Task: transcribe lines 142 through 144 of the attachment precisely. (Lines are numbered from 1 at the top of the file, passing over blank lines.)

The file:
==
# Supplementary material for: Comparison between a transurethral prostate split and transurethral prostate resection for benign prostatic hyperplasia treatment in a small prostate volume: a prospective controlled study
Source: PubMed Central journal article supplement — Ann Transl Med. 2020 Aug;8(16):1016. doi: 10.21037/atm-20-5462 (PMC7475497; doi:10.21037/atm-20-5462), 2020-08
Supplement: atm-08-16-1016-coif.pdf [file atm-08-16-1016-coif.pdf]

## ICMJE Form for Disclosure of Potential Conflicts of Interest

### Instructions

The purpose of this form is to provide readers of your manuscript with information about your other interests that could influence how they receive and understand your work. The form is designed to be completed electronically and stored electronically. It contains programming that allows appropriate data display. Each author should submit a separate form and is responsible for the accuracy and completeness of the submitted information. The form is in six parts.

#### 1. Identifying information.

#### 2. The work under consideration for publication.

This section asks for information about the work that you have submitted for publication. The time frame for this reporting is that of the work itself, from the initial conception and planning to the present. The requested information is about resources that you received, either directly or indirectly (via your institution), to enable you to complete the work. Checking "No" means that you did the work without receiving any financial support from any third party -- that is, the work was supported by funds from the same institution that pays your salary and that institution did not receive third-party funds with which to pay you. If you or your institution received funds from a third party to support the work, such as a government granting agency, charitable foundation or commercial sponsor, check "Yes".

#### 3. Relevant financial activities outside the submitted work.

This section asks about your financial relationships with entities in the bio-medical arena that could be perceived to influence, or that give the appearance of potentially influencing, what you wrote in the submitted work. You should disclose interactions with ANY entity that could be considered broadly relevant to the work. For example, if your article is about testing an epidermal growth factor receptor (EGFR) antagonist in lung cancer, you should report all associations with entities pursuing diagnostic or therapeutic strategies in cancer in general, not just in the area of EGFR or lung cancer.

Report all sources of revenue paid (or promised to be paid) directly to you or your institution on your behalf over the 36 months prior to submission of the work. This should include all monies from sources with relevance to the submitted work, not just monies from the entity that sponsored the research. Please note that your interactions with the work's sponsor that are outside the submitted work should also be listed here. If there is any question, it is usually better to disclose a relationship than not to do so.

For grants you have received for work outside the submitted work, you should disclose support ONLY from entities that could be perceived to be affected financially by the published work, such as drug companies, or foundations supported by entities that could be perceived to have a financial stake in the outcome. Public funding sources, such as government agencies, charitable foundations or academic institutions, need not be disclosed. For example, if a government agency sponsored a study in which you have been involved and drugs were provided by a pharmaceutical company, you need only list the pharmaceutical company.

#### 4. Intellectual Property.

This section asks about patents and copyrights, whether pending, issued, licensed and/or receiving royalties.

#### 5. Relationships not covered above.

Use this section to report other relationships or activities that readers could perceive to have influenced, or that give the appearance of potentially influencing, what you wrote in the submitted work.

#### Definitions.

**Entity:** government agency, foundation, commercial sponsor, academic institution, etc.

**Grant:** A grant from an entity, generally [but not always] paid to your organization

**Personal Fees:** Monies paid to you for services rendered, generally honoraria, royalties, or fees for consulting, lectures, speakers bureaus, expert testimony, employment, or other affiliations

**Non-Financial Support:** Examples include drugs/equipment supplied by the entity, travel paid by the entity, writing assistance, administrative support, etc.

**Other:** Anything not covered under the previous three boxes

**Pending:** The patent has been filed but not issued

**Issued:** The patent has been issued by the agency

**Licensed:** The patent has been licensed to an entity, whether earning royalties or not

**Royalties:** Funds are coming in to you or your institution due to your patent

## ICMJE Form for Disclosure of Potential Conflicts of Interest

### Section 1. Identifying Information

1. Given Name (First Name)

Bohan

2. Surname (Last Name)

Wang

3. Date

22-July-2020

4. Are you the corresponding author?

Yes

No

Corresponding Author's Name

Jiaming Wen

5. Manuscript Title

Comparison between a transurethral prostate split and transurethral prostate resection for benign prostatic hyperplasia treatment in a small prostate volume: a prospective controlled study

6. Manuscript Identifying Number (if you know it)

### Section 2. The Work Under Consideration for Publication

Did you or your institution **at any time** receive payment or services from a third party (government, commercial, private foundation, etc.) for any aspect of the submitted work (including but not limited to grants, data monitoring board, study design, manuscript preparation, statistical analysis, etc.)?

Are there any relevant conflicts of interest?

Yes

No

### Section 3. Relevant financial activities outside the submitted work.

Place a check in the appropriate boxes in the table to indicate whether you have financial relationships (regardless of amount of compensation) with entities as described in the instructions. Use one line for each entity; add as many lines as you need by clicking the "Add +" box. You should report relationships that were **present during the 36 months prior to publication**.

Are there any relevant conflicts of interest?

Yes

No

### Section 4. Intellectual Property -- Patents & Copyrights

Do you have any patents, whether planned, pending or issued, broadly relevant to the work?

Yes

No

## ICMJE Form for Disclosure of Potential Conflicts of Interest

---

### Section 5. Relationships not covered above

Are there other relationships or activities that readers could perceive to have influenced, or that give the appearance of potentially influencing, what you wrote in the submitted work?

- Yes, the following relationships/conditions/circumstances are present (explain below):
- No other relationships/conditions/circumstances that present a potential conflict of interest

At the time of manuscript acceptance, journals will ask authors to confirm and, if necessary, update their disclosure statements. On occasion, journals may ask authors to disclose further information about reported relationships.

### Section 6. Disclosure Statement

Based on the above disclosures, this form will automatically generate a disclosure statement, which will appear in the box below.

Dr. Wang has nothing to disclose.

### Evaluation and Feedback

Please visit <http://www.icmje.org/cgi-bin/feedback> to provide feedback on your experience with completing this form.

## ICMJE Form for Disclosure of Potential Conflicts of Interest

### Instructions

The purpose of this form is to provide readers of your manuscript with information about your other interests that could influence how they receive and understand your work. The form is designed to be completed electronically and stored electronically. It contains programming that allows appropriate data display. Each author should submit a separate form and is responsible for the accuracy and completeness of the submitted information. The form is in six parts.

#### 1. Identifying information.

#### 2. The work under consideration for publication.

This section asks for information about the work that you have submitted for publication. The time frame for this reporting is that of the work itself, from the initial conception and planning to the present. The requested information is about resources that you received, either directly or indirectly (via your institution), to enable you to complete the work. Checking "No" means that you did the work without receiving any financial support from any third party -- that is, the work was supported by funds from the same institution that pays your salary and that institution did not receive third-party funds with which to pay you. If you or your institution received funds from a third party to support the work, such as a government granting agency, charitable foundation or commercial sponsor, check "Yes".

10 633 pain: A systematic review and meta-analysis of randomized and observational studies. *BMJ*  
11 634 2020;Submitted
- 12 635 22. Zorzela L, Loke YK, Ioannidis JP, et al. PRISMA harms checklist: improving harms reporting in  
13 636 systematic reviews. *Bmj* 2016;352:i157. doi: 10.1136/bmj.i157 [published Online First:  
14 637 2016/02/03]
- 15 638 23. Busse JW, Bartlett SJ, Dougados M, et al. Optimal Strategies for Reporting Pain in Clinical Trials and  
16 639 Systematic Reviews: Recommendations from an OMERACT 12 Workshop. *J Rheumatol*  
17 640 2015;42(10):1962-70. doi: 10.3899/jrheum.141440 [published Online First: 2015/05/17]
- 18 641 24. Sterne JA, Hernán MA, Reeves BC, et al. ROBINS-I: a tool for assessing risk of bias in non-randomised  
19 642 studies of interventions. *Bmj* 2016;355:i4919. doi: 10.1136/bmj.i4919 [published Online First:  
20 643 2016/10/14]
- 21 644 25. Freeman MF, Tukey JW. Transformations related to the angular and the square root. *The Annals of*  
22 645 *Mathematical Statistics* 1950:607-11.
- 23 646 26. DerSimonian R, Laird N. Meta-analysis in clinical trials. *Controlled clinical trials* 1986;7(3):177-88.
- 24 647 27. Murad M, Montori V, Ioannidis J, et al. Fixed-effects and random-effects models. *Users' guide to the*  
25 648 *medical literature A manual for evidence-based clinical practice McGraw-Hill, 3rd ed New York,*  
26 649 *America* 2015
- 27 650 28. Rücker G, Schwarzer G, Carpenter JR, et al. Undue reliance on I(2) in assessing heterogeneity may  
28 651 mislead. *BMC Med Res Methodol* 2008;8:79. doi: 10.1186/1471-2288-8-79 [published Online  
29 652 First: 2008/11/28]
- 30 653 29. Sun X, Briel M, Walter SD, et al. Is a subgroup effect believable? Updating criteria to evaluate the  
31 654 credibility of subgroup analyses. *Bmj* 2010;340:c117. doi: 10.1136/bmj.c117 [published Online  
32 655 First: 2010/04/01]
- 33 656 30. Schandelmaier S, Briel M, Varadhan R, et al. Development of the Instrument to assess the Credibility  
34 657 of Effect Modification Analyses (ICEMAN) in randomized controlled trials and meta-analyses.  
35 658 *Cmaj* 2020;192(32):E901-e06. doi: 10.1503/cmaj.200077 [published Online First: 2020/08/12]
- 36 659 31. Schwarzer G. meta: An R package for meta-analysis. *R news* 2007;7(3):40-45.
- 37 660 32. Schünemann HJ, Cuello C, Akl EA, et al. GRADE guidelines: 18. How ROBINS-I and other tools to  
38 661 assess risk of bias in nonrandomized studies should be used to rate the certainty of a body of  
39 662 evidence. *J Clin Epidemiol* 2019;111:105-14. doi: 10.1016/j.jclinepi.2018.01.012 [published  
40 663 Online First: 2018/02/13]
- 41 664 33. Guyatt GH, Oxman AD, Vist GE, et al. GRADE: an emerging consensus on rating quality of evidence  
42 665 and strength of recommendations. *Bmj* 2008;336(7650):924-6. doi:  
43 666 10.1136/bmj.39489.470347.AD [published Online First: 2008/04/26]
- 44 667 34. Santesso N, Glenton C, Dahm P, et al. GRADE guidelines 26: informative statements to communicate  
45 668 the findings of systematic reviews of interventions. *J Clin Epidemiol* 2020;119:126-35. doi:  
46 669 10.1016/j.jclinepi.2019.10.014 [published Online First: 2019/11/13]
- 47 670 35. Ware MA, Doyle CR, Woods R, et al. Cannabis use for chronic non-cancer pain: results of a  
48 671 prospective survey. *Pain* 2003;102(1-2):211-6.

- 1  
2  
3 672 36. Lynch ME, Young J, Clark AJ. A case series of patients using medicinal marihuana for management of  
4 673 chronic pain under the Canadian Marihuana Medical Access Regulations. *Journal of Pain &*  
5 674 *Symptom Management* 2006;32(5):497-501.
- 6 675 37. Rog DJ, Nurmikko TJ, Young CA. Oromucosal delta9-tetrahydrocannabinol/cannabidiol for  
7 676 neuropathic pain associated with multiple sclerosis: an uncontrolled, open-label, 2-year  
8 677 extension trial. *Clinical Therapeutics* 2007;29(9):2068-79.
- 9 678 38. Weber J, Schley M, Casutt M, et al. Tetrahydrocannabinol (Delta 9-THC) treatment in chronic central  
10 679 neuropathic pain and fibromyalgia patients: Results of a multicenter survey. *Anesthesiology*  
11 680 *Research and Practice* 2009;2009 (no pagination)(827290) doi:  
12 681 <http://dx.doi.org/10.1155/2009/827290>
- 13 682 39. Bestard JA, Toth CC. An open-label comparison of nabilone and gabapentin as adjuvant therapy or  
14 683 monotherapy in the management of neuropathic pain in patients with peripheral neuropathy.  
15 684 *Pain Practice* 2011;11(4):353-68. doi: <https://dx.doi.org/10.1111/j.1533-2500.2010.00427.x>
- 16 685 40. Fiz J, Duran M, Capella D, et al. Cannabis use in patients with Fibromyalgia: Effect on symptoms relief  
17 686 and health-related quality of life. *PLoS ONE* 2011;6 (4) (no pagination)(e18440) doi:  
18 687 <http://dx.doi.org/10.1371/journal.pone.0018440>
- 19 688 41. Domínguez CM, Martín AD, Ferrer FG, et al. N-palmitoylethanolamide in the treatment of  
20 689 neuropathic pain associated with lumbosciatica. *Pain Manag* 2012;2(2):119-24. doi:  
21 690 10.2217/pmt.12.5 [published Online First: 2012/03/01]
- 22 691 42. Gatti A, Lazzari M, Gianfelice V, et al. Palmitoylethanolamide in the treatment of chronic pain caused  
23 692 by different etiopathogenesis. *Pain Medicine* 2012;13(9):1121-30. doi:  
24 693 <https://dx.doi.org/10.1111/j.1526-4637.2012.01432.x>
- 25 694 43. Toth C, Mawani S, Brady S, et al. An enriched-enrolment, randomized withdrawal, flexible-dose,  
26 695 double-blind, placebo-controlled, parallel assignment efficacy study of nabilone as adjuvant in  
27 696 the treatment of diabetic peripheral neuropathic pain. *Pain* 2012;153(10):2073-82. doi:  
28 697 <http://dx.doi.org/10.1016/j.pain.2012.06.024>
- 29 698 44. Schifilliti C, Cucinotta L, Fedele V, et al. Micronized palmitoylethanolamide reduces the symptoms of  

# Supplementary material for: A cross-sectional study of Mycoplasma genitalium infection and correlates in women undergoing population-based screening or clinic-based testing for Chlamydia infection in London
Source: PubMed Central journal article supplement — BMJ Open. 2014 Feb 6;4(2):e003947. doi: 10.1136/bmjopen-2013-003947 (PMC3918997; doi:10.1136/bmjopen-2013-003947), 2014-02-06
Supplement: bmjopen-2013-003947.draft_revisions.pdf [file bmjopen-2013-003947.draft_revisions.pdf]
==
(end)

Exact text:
28 697 <http://dx.doi.org/10.1016/j.pain.2012.06.024>
- 29 698 44. Schifilliti C, Cucinotta L, Fedele V, et al. Micronized palmitoylethanolamide reduces the symptoms of  

# Supplementary material for: A cross-sectional study of Mycoplasma genitalium infection and correlates in women undergoing population-based screening or clinic-based testing for Chlamydia infection in London